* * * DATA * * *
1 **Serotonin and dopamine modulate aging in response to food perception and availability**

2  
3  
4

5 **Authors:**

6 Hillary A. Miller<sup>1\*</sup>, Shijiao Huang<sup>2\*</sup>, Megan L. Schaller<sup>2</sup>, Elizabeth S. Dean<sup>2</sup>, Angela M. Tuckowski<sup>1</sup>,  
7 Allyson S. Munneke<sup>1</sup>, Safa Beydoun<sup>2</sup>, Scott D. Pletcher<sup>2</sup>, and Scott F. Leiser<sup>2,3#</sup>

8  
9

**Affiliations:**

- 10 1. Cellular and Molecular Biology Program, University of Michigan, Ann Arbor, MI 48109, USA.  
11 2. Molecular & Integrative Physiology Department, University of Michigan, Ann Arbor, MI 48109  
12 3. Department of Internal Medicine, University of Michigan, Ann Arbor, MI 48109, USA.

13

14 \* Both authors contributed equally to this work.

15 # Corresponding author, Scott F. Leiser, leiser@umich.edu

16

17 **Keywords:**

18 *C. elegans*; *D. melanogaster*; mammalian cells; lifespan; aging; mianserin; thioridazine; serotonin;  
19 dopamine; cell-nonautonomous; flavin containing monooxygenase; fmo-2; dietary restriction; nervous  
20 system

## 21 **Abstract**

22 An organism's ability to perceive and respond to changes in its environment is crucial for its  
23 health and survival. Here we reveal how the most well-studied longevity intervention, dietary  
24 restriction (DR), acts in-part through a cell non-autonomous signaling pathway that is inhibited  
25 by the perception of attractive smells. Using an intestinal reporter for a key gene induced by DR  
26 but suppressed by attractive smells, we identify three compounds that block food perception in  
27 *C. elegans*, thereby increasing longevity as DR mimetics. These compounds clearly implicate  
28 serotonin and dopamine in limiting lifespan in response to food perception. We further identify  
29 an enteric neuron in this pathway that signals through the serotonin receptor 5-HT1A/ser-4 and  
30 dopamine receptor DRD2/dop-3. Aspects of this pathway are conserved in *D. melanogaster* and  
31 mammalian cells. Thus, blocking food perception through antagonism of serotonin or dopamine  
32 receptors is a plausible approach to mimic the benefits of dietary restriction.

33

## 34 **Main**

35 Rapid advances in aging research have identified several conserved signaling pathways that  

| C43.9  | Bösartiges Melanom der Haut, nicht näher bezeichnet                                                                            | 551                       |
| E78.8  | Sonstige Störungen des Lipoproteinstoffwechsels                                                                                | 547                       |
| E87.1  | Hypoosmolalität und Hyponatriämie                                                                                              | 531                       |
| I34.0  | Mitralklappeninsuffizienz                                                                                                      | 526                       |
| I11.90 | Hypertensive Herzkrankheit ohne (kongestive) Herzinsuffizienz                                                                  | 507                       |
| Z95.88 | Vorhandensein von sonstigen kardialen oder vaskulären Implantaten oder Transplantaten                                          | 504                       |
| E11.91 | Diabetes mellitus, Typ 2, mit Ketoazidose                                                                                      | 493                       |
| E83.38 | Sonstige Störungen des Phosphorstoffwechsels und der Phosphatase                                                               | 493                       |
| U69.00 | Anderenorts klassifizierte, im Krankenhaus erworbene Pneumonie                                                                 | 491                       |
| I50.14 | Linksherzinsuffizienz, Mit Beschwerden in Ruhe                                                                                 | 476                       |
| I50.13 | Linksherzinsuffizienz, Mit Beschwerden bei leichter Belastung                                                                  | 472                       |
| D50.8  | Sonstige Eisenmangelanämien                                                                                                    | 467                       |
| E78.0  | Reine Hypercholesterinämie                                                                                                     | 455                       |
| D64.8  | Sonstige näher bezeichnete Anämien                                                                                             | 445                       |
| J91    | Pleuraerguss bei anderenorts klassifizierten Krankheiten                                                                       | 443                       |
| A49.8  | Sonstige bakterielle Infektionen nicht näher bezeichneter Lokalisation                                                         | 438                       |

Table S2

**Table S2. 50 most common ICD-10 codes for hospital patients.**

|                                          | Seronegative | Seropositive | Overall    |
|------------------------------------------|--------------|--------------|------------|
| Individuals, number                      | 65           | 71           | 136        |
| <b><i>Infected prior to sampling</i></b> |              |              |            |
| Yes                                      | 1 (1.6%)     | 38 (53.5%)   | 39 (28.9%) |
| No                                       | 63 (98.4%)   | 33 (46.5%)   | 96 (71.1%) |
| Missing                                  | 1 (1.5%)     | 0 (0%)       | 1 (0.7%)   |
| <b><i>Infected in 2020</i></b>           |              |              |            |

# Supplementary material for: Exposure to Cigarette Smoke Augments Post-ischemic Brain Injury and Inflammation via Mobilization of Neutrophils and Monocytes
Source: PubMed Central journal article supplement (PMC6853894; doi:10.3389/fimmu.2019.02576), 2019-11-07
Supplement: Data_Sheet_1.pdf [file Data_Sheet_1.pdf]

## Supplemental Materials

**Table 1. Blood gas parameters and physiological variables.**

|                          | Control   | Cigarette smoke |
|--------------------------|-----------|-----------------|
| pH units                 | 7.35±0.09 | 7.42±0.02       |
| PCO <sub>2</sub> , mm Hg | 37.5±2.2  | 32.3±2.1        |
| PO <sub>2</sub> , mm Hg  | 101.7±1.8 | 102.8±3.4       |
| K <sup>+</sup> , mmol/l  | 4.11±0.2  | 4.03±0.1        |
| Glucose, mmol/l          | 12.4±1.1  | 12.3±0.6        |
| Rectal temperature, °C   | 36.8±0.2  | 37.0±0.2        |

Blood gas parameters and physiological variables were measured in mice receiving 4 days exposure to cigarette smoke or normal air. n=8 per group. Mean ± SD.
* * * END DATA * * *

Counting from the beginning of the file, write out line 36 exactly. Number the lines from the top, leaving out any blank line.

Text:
35 Rapid advances in aging research have identified several conserved signaling pathways that  